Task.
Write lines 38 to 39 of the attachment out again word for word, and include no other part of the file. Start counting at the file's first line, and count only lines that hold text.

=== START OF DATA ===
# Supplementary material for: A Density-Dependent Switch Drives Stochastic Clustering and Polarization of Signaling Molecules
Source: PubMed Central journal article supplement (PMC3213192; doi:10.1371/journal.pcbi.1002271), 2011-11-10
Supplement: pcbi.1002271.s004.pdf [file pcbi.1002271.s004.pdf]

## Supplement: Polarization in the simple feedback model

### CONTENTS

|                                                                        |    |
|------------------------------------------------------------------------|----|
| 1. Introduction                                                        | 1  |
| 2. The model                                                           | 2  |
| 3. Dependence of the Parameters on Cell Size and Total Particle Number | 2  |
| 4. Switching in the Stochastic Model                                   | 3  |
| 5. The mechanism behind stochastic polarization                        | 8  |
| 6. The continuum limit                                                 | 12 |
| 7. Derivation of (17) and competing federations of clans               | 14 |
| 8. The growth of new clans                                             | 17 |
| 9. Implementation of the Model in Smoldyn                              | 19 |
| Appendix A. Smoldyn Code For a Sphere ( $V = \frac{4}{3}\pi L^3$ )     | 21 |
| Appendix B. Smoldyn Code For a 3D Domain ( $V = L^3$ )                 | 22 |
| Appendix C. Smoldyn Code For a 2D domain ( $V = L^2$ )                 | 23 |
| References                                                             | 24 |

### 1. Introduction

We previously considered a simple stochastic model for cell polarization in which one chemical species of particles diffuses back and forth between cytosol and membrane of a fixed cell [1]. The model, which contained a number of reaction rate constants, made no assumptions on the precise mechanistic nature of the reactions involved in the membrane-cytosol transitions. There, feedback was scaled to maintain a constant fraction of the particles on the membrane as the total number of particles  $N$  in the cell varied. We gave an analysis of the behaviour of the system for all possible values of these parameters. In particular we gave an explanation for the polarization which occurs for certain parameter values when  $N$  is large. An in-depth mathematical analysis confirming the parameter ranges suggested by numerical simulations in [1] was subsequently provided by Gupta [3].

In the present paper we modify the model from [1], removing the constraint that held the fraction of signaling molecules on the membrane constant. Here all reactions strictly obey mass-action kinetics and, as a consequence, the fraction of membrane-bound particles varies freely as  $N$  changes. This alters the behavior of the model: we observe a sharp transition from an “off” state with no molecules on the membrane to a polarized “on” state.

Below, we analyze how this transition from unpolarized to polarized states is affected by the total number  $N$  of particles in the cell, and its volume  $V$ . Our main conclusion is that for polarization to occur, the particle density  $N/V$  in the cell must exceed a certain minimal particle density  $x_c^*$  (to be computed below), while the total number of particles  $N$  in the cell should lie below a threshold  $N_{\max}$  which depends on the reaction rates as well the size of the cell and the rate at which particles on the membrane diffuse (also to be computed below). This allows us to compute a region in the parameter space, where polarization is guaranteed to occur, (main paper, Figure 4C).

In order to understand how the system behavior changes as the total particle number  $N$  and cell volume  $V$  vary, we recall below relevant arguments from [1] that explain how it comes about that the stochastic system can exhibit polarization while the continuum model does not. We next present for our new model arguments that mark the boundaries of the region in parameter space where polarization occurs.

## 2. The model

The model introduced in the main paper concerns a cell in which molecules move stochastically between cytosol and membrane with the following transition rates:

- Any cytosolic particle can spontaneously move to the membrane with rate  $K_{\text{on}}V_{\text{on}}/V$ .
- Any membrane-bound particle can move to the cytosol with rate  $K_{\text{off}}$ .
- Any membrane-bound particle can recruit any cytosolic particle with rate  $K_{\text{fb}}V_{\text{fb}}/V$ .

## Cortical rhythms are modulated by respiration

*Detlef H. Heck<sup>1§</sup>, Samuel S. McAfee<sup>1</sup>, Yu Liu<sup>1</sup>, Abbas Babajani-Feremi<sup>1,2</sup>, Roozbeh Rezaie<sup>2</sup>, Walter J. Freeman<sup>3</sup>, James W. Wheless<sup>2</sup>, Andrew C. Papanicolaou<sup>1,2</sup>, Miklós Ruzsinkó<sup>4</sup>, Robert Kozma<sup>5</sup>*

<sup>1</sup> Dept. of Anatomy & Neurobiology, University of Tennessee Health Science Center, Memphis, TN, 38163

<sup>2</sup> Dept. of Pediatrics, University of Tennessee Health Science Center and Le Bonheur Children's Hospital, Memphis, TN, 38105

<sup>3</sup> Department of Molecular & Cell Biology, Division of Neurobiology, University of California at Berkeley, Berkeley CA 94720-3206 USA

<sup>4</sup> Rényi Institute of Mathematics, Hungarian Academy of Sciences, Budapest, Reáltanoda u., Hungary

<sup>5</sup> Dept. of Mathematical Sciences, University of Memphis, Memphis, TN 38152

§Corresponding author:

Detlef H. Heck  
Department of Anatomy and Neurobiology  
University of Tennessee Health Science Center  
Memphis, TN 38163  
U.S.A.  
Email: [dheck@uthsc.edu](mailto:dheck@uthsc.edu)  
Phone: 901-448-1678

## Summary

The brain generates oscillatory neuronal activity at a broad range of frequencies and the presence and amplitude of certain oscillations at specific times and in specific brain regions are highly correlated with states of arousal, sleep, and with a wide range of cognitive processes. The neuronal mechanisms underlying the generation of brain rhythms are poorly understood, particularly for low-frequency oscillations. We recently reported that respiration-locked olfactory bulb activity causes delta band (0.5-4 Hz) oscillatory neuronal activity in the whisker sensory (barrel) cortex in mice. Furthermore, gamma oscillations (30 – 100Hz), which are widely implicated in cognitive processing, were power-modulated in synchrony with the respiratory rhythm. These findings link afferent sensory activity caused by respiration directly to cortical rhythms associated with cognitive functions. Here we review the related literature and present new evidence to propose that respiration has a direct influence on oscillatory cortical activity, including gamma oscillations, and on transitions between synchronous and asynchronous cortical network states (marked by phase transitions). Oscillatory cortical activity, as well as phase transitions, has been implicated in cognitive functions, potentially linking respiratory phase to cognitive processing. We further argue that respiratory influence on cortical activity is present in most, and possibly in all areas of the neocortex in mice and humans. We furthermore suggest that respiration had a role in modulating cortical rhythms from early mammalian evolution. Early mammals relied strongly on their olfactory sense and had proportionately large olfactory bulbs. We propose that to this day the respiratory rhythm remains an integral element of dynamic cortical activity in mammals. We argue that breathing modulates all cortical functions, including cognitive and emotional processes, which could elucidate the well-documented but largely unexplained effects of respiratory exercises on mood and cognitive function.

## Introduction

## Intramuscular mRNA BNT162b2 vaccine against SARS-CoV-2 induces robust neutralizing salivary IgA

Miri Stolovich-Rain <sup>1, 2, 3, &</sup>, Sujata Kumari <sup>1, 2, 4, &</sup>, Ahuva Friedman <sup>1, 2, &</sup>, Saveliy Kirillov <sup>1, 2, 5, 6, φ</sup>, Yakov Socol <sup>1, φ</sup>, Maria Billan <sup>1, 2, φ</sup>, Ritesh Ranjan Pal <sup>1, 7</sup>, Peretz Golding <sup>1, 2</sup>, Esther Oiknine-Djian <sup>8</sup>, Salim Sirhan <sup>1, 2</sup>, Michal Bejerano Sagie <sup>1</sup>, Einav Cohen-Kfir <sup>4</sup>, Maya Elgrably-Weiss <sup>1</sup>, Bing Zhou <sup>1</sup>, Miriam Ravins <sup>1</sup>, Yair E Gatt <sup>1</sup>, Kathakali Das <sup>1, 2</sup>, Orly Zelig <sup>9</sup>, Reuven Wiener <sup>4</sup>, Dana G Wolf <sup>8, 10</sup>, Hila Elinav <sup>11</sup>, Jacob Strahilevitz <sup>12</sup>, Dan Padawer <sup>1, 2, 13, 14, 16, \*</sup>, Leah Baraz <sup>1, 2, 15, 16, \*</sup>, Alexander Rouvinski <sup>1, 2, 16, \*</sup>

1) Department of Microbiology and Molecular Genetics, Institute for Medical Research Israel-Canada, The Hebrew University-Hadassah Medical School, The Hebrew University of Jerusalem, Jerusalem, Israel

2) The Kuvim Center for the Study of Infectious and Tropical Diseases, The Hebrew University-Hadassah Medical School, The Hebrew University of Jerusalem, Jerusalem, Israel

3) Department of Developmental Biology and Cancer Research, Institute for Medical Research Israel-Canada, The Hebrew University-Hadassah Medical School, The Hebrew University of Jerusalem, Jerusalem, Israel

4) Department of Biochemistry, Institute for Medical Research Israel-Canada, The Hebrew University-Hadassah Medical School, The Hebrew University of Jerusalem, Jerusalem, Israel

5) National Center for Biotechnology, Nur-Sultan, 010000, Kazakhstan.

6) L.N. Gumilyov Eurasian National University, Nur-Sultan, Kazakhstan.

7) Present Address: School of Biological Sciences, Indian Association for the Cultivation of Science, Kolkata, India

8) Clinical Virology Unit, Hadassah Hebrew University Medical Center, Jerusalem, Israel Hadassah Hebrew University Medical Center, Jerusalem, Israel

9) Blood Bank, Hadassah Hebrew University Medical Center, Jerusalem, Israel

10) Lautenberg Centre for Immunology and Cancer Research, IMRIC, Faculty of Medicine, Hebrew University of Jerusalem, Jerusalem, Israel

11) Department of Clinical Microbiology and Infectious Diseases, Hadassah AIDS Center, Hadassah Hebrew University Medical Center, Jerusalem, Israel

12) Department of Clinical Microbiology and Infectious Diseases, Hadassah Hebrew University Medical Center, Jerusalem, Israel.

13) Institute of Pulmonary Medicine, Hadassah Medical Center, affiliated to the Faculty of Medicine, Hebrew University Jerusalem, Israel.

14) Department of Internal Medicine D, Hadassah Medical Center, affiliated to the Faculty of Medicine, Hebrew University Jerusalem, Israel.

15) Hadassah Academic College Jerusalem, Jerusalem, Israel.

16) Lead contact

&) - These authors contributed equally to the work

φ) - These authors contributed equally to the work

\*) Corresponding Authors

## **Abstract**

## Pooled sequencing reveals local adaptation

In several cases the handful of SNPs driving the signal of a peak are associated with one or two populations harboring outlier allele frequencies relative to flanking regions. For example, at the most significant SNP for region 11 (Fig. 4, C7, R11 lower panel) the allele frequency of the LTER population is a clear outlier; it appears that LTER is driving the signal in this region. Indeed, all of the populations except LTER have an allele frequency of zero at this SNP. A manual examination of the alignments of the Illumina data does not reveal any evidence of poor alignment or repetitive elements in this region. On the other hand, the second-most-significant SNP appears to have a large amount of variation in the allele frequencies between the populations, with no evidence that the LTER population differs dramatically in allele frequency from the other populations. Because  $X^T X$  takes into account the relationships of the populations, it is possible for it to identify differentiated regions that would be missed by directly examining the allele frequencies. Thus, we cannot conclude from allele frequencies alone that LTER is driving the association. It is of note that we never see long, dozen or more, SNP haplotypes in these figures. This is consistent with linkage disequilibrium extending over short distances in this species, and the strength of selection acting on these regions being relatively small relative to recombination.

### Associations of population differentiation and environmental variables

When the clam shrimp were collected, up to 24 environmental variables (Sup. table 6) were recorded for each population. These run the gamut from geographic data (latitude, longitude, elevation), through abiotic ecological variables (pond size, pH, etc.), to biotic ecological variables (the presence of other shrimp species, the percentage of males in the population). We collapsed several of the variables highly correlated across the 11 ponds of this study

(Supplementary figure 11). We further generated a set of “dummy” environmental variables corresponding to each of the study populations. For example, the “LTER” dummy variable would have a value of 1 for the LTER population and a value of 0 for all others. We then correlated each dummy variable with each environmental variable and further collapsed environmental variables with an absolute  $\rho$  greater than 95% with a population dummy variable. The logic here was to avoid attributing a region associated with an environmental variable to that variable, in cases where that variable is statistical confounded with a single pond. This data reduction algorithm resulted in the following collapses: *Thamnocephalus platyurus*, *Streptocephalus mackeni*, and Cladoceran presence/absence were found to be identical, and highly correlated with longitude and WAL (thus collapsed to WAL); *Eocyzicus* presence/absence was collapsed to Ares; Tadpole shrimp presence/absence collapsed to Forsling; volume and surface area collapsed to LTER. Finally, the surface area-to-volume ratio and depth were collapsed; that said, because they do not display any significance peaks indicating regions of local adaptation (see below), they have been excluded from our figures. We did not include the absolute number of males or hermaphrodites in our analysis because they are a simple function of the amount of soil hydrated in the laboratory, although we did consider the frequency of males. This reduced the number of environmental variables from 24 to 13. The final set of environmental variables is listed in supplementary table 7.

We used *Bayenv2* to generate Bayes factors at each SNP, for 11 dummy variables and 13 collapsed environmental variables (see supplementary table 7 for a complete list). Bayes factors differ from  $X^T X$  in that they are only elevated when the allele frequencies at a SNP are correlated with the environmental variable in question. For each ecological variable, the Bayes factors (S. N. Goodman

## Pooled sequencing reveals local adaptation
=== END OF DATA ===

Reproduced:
§Corresponding author:

Detlef H. Heck  